Main Standout Demos Ayre Acoustics
Ayre Acoustics

We first heard the Vandersteen Seven speakers at the Rocky Mountain Audio Fest (RMAF) last October in Denver and were bowled over by their precise, smooth, very-high-resolution sound. From what we could glean from the display at RMAF, they seemed capable of standard-setting midrange transparency and soundstage precision. But we were even more impressed here in Las Vegas in the Ayre Acoustics display.


Publisher Doug Schneider manages our speaker measurement, and in Las Vegas he felt more like a bettin' man. He wagered to our team that the Sevens aren't all that sensitive and need plenty of power to sound their best. He thinks that in the anechoic chamber they'd clock in at about 83dB (2.83V/1m). If not, for whatever reason, they simply need a lot of power to really come alive, particularly in a big room like the one they were shown in here in Vegas. They simply need something like the 300W that Ayre says each of their KX-R mono amps can provide.

Whereas at RMAF they sounded glorious, they were also a touch subdued, sounding like they could have used more power. In Vegas with the KX-Rs, the Sevens showed that magnificent smoothness and precision, but also punch and dynamics that were missing in October. The Ayre folks were playing both LPs and CDs, and the result was always the same: a realistic and natural tonal balance; deep bass; tremendous clarity and resolution, particularly in the midrange; and a highly focused soundstage with excellent width and depth. The only criticism is something that Jeff Fritz pointed out: the highs weren't quite as effortless-sounding as some of the state-of-the-art speakers we heard in other rooms (Magico and Rockport Technologies, for example). Jeff's a big fan of the newest beryllium-dome tweeters, which the Sevens don't have. Other than that, Doug Schneider and John Crosett found very little to criticize -- a rare thing under show conditions.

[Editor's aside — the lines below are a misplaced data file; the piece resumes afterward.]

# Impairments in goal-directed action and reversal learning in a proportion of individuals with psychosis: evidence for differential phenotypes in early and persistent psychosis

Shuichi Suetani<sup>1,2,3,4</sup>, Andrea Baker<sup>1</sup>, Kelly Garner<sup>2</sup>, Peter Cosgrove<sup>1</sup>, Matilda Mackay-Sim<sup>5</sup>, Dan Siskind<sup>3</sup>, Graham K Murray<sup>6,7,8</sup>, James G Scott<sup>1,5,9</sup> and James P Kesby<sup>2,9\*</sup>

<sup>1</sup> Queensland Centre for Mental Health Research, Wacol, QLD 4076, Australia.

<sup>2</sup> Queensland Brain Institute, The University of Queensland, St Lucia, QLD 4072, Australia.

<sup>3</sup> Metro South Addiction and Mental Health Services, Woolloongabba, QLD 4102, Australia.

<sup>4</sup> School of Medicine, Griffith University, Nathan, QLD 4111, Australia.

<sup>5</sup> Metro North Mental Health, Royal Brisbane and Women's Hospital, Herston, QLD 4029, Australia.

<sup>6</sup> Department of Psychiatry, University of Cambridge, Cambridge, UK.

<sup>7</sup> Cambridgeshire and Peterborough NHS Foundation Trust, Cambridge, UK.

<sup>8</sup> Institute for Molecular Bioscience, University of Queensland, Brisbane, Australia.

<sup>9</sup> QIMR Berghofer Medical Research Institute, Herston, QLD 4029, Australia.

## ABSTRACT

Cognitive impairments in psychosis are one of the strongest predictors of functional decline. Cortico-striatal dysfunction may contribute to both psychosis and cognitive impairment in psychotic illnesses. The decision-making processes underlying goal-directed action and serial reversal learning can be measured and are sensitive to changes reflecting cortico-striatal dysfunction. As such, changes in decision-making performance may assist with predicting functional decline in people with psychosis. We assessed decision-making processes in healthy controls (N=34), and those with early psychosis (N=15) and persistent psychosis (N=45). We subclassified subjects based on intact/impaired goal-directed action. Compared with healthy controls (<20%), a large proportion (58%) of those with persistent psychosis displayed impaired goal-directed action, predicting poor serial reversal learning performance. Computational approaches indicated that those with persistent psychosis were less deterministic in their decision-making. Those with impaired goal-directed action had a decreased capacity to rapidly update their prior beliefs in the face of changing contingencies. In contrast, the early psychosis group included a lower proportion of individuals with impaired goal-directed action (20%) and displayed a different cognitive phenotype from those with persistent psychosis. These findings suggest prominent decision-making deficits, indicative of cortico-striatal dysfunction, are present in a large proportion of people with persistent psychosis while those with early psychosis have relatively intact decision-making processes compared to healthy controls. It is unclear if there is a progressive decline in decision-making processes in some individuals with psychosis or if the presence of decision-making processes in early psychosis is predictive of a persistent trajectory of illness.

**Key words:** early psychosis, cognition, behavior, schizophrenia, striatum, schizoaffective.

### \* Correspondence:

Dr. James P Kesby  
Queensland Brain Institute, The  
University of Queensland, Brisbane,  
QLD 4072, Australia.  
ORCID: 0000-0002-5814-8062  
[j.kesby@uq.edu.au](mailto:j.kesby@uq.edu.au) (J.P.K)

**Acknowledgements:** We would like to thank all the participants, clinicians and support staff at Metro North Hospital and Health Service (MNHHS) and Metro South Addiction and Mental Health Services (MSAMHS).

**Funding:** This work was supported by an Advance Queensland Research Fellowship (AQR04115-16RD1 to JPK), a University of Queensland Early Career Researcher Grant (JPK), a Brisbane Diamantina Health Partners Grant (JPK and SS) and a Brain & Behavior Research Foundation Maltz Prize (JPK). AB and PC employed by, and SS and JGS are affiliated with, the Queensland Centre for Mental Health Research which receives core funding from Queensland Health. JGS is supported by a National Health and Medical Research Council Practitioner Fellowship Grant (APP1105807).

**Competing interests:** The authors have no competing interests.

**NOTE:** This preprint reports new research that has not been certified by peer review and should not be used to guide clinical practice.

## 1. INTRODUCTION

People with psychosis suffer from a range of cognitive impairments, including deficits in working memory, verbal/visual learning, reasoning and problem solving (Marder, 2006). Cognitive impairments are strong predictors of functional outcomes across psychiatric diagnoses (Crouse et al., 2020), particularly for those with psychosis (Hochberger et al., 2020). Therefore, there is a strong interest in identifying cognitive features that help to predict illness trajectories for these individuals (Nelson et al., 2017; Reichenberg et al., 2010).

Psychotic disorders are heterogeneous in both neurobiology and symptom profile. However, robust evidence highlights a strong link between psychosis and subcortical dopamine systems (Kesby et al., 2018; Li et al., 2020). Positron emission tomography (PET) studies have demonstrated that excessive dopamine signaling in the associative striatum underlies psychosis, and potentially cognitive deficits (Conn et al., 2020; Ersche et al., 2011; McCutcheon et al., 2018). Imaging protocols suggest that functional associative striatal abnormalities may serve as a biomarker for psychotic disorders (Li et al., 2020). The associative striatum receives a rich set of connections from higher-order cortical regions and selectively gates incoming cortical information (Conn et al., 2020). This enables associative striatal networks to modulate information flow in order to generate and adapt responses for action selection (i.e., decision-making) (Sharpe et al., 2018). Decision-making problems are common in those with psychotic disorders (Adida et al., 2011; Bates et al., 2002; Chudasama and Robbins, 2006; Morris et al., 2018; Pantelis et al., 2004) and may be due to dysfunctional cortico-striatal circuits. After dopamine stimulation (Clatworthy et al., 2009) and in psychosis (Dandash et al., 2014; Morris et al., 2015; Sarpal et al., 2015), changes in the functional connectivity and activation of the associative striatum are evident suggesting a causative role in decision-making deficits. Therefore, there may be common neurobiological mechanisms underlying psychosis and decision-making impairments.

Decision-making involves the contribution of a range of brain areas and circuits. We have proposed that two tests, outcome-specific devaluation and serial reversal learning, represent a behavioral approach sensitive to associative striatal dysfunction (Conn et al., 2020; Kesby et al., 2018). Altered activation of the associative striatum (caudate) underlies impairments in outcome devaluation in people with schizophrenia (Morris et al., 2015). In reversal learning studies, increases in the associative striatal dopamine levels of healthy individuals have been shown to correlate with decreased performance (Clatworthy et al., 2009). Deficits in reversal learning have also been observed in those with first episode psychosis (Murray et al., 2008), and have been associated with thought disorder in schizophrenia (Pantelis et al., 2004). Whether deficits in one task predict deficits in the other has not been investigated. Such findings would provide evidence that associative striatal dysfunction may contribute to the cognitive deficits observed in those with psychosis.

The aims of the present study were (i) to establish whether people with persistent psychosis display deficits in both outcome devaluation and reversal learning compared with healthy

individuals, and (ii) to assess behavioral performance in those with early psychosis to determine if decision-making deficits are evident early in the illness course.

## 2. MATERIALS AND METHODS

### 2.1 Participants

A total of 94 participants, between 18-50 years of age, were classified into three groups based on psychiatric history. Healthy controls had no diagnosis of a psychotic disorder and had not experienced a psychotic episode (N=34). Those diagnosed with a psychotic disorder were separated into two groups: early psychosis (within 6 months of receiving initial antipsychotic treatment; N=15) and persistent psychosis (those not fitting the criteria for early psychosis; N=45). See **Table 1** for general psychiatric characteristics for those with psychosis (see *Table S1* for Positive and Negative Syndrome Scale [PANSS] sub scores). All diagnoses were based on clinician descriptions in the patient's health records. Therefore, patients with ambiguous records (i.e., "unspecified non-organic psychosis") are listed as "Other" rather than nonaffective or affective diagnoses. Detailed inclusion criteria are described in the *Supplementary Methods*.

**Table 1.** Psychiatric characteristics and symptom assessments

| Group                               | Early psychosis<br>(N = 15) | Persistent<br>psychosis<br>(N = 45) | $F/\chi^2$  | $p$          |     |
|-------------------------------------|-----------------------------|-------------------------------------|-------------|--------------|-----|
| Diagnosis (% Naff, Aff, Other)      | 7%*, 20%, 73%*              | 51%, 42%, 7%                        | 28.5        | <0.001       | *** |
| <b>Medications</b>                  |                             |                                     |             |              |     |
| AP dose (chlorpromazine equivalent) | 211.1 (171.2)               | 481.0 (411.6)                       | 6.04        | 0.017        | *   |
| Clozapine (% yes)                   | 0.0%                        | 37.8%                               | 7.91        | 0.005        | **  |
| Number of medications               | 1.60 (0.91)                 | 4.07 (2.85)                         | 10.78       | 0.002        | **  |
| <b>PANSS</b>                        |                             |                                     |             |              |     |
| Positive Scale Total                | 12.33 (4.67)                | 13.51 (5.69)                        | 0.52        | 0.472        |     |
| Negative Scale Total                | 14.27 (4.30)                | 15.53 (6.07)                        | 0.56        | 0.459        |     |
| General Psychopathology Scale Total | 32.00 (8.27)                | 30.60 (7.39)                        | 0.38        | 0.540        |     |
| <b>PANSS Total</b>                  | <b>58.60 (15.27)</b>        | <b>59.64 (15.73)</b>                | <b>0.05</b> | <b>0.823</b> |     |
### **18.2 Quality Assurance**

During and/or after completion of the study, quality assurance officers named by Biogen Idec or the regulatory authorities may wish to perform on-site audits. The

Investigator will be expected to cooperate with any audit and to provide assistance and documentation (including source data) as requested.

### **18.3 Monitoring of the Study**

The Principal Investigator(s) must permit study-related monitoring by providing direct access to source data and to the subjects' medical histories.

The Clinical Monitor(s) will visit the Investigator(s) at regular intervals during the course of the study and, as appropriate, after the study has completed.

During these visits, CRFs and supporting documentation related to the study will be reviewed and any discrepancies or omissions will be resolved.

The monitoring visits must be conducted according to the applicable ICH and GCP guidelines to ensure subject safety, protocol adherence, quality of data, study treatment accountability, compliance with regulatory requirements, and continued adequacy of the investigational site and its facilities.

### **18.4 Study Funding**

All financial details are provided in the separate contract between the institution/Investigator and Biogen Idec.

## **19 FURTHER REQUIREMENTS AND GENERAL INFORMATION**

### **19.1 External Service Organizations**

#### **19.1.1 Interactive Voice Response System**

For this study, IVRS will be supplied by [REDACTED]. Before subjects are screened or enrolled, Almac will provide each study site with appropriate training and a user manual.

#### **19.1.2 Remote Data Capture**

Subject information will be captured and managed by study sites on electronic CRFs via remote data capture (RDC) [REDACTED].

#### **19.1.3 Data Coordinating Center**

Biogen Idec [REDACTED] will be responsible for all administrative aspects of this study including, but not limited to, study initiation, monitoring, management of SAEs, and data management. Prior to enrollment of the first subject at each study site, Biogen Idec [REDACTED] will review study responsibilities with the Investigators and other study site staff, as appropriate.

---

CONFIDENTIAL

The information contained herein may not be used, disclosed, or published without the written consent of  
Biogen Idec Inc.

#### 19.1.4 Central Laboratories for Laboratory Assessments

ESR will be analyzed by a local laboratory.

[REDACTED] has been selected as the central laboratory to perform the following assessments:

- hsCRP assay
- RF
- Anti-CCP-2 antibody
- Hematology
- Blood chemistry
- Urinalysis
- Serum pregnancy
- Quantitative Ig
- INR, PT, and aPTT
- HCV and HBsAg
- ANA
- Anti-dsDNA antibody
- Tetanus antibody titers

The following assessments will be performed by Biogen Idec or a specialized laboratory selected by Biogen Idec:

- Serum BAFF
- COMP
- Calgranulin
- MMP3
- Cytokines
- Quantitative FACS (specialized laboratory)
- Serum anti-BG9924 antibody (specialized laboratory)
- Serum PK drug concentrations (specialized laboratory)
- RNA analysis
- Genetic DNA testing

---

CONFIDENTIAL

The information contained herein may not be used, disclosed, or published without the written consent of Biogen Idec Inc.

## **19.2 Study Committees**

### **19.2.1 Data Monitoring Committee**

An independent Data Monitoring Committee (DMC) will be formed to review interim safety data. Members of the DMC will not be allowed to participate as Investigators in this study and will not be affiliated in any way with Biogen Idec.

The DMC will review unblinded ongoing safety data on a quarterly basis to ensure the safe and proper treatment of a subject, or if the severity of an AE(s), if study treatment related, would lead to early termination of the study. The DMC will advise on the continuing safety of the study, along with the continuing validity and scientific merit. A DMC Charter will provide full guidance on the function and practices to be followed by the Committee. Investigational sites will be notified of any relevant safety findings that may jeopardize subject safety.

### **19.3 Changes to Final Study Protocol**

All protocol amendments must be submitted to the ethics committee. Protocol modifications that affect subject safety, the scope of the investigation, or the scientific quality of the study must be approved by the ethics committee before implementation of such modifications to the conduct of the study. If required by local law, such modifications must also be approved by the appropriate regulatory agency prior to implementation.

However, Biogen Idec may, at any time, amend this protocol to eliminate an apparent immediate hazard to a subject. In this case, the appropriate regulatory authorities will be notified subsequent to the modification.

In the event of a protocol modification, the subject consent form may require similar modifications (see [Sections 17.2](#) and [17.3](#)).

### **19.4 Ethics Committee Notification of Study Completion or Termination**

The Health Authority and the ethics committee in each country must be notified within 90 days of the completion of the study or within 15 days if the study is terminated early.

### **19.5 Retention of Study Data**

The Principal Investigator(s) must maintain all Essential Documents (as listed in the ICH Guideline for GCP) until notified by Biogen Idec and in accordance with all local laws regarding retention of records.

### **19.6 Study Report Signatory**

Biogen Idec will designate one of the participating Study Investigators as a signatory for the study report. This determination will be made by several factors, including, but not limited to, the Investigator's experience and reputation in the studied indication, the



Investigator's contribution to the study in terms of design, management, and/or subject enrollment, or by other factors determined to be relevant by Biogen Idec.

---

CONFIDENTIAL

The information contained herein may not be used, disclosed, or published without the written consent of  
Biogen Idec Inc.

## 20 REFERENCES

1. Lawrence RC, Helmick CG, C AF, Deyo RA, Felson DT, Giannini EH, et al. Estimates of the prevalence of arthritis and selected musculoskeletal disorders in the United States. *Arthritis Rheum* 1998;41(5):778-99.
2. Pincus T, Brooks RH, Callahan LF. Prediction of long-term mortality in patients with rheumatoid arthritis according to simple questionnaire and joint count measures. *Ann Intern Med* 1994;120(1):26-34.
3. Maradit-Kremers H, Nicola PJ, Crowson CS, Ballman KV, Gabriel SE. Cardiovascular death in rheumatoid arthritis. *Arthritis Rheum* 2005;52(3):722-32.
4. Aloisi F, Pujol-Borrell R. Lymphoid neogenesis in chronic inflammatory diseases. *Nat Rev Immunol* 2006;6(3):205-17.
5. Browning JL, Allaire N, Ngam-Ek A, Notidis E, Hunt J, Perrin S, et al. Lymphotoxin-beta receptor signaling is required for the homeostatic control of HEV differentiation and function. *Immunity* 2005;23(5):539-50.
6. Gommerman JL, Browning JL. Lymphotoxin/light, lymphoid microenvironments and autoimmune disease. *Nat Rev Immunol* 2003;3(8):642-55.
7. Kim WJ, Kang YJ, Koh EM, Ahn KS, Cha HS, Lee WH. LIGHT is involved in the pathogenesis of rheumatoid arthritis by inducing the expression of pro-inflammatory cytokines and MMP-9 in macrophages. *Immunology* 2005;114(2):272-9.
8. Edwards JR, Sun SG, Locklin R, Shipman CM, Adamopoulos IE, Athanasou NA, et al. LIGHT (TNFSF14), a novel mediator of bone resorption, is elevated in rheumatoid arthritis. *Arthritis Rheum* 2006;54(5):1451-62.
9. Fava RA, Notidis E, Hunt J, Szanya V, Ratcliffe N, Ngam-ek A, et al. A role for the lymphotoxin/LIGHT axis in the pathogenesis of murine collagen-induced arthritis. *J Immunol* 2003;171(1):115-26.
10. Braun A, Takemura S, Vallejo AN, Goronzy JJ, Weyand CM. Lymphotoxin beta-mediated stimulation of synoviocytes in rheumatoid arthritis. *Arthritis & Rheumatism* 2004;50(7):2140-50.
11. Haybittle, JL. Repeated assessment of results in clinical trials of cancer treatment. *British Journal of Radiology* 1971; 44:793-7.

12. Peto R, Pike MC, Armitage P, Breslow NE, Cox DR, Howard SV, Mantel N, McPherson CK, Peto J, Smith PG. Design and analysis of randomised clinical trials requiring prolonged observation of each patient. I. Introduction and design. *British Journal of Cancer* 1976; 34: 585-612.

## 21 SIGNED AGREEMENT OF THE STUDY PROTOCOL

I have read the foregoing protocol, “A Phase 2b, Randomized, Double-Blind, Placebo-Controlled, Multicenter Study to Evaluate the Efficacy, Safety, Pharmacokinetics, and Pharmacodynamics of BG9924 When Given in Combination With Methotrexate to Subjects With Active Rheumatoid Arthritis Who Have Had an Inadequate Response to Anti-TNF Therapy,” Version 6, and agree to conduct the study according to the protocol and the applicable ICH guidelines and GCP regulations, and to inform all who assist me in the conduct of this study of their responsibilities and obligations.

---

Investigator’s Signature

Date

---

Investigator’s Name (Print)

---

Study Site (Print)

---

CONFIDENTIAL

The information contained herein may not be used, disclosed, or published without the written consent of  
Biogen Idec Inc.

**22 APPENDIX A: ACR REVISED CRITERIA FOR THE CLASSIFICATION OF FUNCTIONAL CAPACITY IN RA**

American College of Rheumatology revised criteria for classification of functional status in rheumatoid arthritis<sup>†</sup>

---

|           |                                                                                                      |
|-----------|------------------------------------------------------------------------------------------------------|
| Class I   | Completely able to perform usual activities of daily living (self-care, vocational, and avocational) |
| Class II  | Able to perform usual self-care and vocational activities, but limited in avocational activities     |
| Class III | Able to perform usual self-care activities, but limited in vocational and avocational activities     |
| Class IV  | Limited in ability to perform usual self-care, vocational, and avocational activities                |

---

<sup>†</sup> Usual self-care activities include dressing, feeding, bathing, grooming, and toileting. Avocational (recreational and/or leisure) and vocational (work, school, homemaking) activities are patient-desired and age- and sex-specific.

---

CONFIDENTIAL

Ayre Acoustics is not a large company, but the breadth of their current product line is eye-opening -- they make everything you see in this picture except for the rack. Yes, even the turntable is theirs -- it's the DPS. They also make the interconnects and speaker cabling, which you can't really see, and they make everything in the speaker end of the room except, of course, Vandersteen's Sevens and the platforms that their amps were resting on. We'd go through model names and prices, but the list would be too long and you'd be better off just consulting their website. All told, from the sound quality to the products on display, this exhibit was impressive in a number of ways. []

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